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a significant contribution to global warming. Road traffic accounts for roughly 20 per cent of global greenhouse gas emissions. According to a Shell study, the number of private automobiles on the world's streets and highways will double by 2030 to about 1.4 billion. Electric cars are a good way to reduce emissions in cities. Electric motors use energy about three times more efficiently than combustion engines. They can also serve as mobile energy storage devices. If wind and solar power systems generate too much energy when demand is low, electric cars can temporarily store the surplus in their batteries and feed it back into the power grid when needed. As a result, electric cars will play a key role in the creation of a green future in which electricity will be generated from renewable sources and transported to consumers through intelligent distribution networks.Mass transit systems can also make a vital contribution to climate protection and to increasing the quality of urban life. In the emerging countries, it is often necessary to build new infrastructures from scratch. In the industrial countries, on the other hand, the main task is to upgrade existing networks. In Oslo, for example, Siemens has supplied ecofriendly trains that are up to 95 per cent recyclable. In addition, as much as 46 per cent of the energy expended in operating the Oslo trains is recovered by feeding braking energy back into the power system.To optimise transportation networks over the long term, Siemens offers Complete Mobility - a comprehensive solution that integrates all components of a transportation system. In the future, travelers will not only access subway, bus, train and plane timetables and up-to-the-minute traffic information via their smart phones in real time, they will also check possible routes and combinations and reserve tickets online. The advantages: fewer traffic jams and fewer reservation delays. A first prototype of Siemens' Complete Mobility solution was presented at the sixth German National IT Summit in Munich at the end of 2011.Complete solutions will also be a decisive factor in achieving sustainability in the area of power generation. Germany, for example, has launched a new energy policy that will demonstrate, among other things, that energy transformation is possible worldwide. The German government, which has decided to withdraw from nuclear power by 2022, intends to increase the share of renewable energies like wind and solar power in the country's energy mix to 80 per cent and reduce greenhouse gas emissions in Germany by 80 per cent by 2050. The implementation of the new energy policy is a complex puzzle whose solution will require major efforts from all participants. Most of the necessary technologies are already available. Some are still being developed. But it is the framework conditions that will be decisive for success. Here, governments will have to actively create appropriate incentives and, where necessary, accelerate approval processes - for the construction of power superhighways, for instance - without neglecting popular participation. In the future, power generation will increasingly rely on renewable energies like wind power, solar power, hydropower, biomass and geothermal power. And the change is already underway. For example, the world's largest offshore wind farm is now being built at the mouth of the River Thames. The London Array is scheduled to start supplying climate-friendly electricity to some 750,000 British households in 2013. The transmission of green energies over vast distances without significant loss is another challenge. A power superhighway from Siemens shows how it can be mastered: a high-voltage direct-current (HVDC) distribution system installed by the company is currently linking hydropower plants in China's Yunnan Province with the million-strong cities of its highly industrialised Guangdong region. Ninety-five percent of the electricity transported over the 1,400-kilometre line reaches its destination - a level of efficiency inconceivable with alternating-current systems. HVDC technologies have a wide range of applications. For instance, they can also be used to connect offshore wind farms to onshore grids and to transmit electricity to consumption centers from solar power plants located in the desert.If energy systems are to become sustainable, integrated measures will have to be implemented in ten main areas. First, electricity will have to be used as efficiently as possible - in buildings, industry, households and transportation networks. Next, renewable energies will have to be developed to the point that they generate power at competitive prices and can be transmitted to consumers over long-distance power lines. Since coal-fired power plants will continue to supply base-load electricity for many years to come, their functioning must be made as efficient as possible. The greenhouse gases that the plants emit will have to be sequestered or reused in industry. Not only are combined cycle power plants, which utilise gas-fired as well as steam turbines, the world's most efficient producers of electricity; they can also be ramped up very quickly to fill the breach when power generation from wind and solar sources is insufficient to meet demand. High-performance energy storage devices like batteries and Pictured on previous page: CO2-free energy production with wind energy is an option around the globe: New Zealand's West Wind Farm produces electricity for the same price as coal-fired generation, mainly thanks to strong winds100 smart cities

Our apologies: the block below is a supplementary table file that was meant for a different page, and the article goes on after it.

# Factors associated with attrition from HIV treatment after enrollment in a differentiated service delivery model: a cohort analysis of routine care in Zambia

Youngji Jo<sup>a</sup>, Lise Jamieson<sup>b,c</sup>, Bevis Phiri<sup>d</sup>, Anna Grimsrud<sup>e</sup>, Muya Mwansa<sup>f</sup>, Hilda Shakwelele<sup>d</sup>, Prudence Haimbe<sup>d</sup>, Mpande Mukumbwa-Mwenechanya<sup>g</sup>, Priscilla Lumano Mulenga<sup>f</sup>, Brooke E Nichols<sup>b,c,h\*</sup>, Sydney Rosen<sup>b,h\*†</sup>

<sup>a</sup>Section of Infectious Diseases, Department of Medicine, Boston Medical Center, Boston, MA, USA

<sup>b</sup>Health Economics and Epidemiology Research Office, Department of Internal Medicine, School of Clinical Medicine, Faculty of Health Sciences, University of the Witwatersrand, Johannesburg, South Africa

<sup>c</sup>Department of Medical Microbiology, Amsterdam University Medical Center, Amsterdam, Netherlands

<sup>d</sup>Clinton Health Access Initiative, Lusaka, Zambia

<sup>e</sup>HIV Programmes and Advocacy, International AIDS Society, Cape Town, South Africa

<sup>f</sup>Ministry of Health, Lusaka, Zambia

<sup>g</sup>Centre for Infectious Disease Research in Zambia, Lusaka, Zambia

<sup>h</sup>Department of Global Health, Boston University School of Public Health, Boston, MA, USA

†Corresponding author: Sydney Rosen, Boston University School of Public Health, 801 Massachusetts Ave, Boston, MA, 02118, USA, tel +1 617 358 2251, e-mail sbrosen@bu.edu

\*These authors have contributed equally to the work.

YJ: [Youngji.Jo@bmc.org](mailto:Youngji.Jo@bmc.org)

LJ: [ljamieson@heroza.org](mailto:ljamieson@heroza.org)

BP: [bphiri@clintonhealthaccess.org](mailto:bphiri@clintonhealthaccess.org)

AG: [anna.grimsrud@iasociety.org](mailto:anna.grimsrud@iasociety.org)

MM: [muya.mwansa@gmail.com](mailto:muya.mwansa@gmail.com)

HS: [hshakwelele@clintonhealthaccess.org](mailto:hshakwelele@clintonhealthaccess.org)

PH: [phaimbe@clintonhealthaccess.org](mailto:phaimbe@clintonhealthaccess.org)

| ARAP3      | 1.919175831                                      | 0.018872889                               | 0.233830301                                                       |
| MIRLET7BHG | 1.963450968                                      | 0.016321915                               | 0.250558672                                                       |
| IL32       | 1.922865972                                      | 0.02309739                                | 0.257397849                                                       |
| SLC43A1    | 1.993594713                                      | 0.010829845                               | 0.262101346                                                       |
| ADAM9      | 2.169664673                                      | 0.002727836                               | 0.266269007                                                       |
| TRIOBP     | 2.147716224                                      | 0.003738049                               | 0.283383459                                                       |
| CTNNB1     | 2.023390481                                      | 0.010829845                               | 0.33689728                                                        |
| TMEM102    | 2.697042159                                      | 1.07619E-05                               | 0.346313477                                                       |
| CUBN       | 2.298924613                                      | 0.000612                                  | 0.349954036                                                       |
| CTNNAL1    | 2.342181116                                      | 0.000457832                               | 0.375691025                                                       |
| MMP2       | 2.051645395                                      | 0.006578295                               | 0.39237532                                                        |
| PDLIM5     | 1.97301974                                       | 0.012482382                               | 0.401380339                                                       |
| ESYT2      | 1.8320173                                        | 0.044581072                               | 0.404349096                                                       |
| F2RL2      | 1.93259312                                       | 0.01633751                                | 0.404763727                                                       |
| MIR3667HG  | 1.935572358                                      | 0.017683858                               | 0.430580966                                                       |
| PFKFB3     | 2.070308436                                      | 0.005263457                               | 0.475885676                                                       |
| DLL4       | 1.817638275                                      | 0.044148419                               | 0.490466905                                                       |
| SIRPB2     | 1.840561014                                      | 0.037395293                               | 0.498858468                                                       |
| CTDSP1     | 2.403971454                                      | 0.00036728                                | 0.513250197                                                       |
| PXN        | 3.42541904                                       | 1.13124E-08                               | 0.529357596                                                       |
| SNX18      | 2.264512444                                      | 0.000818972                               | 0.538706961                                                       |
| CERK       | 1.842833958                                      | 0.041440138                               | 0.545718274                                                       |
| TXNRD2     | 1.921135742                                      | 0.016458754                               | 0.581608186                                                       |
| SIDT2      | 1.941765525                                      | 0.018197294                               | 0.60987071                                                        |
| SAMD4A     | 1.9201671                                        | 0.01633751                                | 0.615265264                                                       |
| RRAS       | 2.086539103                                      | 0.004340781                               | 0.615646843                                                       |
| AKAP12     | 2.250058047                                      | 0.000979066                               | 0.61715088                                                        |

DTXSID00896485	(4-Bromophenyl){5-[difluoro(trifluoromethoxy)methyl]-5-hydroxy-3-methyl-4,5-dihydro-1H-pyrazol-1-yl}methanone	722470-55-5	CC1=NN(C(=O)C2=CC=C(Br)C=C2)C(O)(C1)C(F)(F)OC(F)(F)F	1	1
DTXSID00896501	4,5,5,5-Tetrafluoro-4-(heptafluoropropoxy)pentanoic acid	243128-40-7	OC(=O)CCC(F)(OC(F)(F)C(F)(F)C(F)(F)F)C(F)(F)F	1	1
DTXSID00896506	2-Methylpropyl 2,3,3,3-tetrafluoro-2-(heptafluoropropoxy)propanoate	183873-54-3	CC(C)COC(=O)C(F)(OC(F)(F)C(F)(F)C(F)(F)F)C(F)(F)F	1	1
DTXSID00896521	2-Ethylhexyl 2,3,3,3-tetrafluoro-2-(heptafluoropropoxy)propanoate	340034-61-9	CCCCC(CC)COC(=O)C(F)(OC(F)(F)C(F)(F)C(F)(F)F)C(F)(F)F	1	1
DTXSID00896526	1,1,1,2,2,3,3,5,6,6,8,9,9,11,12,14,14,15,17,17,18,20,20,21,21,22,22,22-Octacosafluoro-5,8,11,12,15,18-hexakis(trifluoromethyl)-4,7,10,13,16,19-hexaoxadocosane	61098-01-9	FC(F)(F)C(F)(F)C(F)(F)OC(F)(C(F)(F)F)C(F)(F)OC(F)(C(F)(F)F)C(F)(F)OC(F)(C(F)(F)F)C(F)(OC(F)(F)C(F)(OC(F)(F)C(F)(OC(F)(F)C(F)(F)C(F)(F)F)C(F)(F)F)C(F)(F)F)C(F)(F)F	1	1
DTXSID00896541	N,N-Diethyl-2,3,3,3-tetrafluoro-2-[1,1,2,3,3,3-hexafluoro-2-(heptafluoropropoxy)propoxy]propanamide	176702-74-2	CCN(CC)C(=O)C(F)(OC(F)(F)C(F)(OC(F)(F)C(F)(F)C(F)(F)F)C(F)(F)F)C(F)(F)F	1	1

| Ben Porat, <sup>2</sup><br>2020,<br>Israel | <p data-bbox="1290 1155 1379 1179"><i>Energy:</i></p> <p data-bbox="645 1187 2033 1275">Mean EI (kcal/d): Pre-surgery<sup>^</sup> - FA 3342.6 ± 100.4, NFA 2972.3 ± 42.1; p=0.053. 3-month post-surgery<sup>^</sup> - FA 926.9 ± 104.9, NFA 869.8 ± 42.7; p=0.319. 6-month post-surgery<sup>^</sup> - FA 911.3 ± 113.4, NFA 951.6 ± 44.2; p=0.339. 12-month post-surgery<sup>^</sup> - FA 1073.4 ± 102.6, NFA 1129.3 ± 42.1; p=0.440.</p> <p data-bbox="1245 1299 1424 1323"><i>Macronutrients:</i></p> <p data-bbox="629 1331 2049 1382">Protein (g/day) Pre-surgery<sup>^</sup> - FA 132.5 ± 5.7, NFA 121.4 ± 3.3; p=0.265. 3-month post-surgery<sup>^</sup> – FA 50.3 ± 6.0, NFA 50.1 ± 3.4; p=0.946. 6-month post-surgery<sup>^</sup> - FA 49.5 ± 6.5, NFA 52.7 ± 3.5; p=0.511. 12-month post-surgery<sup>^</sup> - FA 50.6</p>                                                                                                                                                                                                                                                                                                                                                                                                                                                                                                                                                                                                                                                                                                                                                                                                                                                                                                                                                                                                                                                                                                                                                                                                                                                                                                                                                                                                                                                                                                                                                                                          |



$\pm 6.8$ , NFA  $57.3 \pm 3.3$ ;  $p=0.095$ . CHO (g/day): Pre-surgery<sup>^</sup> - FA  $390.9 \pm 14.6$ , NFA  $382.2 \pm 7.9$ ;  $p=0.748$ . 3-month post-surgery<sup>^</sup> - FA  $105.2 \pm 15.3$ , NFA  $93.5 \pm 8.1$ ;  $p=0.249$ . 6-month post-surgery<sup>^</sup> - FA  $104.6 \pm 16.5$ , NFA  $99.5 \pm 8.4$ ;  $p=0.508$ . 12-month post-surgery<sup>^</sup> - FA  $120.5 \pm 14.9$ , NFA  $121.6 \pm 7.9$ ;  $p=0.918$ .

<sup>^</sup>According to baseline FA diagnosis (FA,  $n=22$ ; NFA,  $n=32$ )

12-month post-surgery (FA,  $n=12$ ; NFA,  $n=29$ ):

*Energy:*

electrolysis-produced hydrogen will be needed whenever and wherever surplus power is generated. Smart grids will be required to help balance production and consumption - and also to regulate consumption by ways of demand management, if necessary - while smart financing models will be needed across the board.To ensure the long-term success of the new German energy policy, these measures will have to fit together perfectly, like the pieces of an intricate puzzle. All the solutions described here are offered or developed by Siemens - a company that is devoting its know-how and technology to creating a sustainable future. So that urban centres will remain attractive, livable spaces for innovation and the exchange of ideas. And so that people in the centuries to come will still find inspiration in the streets of their cities - just as Socrates did in Athens nearly 2,500 years ago. nAbout the AuthorPeter Löscher has been President of the Managing Board and Chief Executive Officer at Siemens AG since 2007. In 1985, he became a Senior Management Consultant at Kienbaum Consulting Group. In 2000, he became Chairman, President and CEO of Aventis Pharma Ltd., Japan. In 2002, Mr Löscher became President of Amersham Health and then Chief Operating Officer at Amersham Plc. In 2004, he joined General Electric as President and CEO of GE Healthcare Bio-Sciences. In 2006, he became President of Global Human Health at Merck & Co., Inc." Cities also pose the largest threat to the world's climate, accounting for about 70 per cent of the planet's greenhouse gas emissions. "Above: Singapore is living proof, that sustainability and economic success are not mutually exclusivesmart cities 101